Paul Menendez and Manuel Llanos brought junk food. Lots of it. Combos, SunChips, an emergency Pixy Stix straw in case they needed a sugar rush.
Camping out for the iPhone 6 is not for the weak-stomached. Or the weak anything, really. But the wait for the bigger screen and sleeker body is worth it to the childhood friends, especially Menendez, 19, who’s been living a tortured existence since he switched cellphone plans and gave up his iPhone 5 for a Samsung Galaxy Note 3.
“There’s nothing classy about an Android,” said Llanos, 19, eyeing his friend’s phone with a look of what could only be described as distaste.
The pair were toward the front of a line of about 20 other iPhone fanatics waiting outside the Apple store on Lincoln Road Thursday afternoon for new phone’s Friday release. Most sat in folding chairs, shaded from the brutal sun by trees or umbrellas and surrounded by empty Starbucks cups and water bottles.
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It’s tempting to suggest that lining up a day in advance for a new telephone is something weirdly unique to Miami, like Metrorail-riding sharks or face-eating zombies. In fact, we look stodgy when it comes to the iPhone 6. In many cities around the world, the lines began forming last month.
Customers began camping outside Apple’s flagship store in New York City on Aug. 31. A man and woman from Jackson, Mississippi, who arrived on Sept. 1 were so disappointed they weren’t first that they paid $2,500 to a pair of New Yorkers to give up the first two spots.
The city wouldn’t let them pitch their tent, so they’ve been sleeping on the sidewalk and using urban-pioneer skills to take care of everything else.
“We have a month-long membership to the YMCA down the road so we can take showers,” Jason Ray, one of the Mississippians, told CBS News. “And the Apple store is open 24 hours a day, so we can use the restroom.”
Less extreme but similar tales emerged from Tokyo, Sydney and London — where entrepreneurial line-sitters put up their spots up for sale on eBay. It’s the devotion of iPhone fanatics like these that makes Apple expect to sell something approaching 8 million of the new phones this weekend.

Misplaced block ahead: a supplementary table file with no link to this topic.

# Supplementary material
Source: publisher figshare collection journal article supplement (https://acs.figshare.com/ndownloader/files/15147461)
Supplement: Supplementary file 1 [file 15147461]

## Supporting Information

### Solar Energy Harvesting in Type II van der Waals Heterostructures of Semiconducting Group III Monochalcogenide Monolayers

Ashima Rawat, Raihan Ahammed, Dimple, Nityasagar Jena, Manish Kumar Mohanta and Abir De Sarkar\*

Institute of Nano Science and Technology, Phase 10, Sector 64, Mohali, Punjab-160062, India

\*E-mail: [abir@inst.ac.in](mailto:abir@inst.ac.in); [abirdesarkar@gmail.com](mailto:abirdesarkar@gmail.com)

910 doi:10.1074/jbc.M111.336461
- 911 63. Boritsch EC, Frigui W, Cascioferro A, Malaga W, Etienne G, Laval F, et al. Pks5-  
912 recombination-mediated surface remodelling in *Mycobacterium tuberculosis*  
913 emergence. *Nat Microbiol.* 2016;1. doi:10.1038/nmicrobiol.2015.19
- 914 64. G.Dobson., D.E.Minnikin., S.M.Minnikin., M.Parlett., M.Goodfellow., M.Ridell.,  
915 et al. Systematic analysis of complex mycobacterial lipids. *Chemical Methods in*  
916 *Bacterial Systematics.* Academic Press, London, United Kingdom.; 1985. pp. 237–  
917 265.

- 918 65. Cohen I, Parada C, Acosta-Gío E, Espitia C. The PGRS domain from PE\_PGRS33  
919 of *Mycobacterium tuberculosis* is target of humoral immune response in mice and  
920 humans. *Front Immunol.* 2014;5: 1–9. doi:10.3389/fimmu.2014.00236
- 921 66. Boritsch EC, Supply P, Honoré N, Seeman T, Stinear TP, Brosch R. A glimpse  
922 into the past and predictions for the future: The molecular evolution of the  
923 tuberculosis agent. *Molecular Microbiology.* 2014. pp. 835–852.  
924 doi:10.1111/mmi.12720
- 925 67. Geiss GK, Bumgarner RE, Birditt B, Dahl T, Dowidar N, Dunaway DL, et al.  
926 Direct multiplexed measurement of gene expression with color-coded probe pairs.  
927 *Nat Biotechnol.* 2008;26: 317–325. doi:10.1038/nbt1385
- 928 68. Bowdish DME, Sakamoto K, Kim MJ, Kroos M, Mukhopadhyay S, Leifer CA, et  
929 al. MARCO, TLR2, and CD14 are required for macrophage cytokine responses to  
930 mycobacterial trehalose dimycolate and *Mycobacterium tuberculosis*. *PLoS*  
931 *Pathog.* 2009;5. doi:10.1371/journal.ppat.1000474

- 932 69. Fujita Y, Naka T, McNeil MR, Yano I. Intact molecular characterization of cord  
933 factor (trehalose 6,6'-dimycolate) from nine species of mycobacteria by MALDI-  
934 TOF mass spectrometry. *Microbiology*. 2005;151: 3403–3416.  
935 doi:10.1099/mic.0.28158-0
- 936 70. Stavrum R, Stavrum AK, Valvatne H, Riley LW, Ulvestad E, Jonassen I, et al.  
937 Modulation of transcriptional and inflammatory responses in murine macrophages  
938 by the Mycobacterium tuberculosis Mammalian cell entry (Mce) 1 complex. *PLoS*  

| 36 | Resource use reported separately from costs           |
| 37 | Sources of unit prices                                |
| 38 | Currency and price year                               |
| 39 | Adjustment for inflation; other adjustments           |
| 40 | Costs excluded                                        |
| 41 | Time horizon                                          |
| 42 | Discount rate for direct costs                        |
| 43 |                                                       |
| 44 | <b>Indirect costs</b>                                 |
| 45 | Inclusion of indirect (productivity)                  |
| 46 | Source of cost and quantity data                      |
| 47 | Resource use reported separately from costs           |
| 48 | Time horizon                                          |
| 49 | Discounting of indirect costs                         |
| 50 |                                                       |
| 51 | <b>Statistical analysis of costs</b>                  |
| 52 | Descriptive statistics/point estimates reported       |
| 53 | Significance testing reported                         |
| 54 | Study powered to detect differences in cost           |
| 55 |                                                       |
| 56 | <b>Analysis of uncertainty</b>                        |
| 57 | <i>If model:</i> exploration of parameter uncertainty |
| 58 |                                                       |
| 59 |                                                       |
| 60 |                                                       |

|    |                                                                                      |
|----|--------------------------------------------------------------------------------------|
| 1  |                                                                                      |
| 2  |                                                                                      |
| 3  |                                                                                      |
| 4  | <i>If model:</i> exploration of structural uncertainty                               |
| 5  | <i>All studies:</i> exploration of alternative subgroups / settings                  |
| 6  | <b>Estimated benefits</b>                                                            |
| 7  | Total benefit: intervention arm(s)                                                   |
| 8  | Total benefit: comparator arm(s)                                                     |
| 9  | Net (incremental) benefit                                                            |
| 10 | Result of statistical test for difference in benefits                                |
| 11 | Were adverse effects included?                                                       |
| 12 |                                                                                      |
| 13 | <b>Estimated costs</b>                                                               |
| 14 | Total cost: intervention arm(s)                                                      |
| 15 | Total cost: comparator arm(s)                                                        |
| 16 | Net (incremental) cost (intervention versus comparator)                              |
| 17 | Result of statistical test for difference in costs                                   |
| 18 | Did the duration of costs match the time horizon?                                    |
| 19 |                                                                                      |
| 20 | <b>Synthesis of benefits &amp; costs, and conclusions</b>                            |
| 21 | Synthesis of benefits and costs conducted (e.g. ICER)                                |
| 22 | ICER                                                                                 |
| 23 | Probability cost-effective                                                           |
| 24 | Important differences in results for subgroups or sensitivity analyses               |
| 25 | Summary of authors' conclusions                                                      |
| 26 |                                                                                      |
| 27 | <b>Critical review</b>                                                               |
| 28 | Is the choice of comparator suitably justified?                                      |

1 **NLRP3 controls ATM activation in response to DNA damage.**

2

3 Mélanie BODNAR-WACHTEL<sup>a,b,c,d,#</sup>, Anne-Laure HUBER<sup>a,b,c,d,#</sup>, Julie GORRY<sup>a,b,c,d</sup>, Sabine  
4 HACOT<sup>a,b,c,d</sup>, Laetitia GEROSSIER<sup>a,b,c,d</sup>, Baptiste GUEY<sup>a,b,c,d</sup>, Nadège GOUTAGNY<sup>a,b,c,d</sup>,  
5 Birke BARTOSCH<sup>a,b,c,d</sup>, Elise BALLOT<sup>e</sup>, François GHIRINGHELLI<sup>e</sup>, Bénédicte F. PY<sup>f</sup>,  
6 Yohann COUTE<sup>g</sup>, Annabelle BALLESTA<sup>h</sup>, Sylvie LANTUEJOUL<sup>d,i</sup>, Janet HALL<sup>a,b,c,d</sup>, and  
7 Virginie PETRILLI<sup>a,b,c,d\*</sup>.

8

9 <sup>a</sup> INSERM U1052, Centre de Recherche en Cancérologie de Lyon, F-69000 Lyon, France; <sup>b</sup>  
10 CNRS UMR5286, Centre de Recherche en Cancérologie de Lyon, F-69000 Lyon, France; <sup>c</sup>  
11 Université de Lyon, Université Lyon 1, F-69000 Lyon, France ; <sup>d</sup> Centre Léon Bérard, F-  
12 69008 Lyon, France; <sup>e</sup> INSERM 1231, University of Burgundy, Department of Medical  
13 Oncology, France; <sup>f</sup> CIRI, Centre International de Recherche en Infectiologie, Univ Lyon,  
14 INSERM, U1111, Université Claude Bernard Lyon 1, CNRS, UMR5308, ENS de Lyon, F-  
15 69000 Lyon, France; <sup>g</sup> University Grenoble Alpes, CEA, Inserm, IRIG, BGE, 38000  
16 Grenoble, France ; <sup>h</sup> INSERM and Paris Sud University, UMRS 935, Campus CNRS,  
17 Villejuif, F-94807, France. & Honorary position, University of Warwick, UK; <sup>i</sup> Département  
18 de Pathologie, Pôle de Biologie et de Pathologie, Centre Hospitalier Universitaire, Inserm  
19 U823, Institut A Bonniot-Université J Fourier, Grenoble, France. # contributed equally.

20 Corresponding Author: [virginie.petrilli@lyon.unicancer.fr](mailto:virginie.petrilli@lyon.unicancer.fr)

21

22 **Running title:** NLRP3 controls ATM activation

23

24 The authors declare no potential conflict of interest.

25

They’ll be purchased by people like Tracey Ermani, 22, and her fiancé Alexander Melendez, also 22, who got in line at the Lincoln Road store about 2 p.m. Wednesday. More than a dozen people were lined up before 6 a.m.
Ermani sold her iPhone 5s for $300 a few days ago to prepare for the 6.
But she said she’s been OK with the brief phone-free period of life, partly because her fiancé has been letting her use his iPhone and partly because she’s just that loyal to the brand.
“I’ve had an iPhone for years,” she said, fanning herself with an envelope. “It’s just something that people feel comfortable with.”
As she spoke, workers started setting up barriers and red velvet ropes. More would be coming. And in the crunch time before the first phone is sold, nothing is sacred.
Or at least according to A.C. Kelly, a three-year veteran of iPhone camp-outs. He’s seen people cut in line at the last minute, sell their spots in line for hundreds of dollars and get all-around rowdy in the over-caffeinated minutes before the release.
Kelly sat near an outdoor power outlet, charging his iPhone 5 and cleaning out his nail beds with a safety pin. The wait is monotonous, he said, but the excitement keeps him at bay, especially for the coveted champagne-colored design.
“I’m going for the gold, baby!” he said.
Back in the line, Menendez and Llanos felt the same buzz of excitement (and they hadn’t even eaten the Pixy Stix yet).
Even so, the friends, like many, said they would consider selling their spots or new phones if the right price came along. They told tales of a fanatic who paid $10,000 on eBay for a gold iPhone 5s and another in New York who paid everyone in line $1,250 to get a spot at the front.
“When you’re waiting in a long line for days,” Menendez said, “anything can happen.”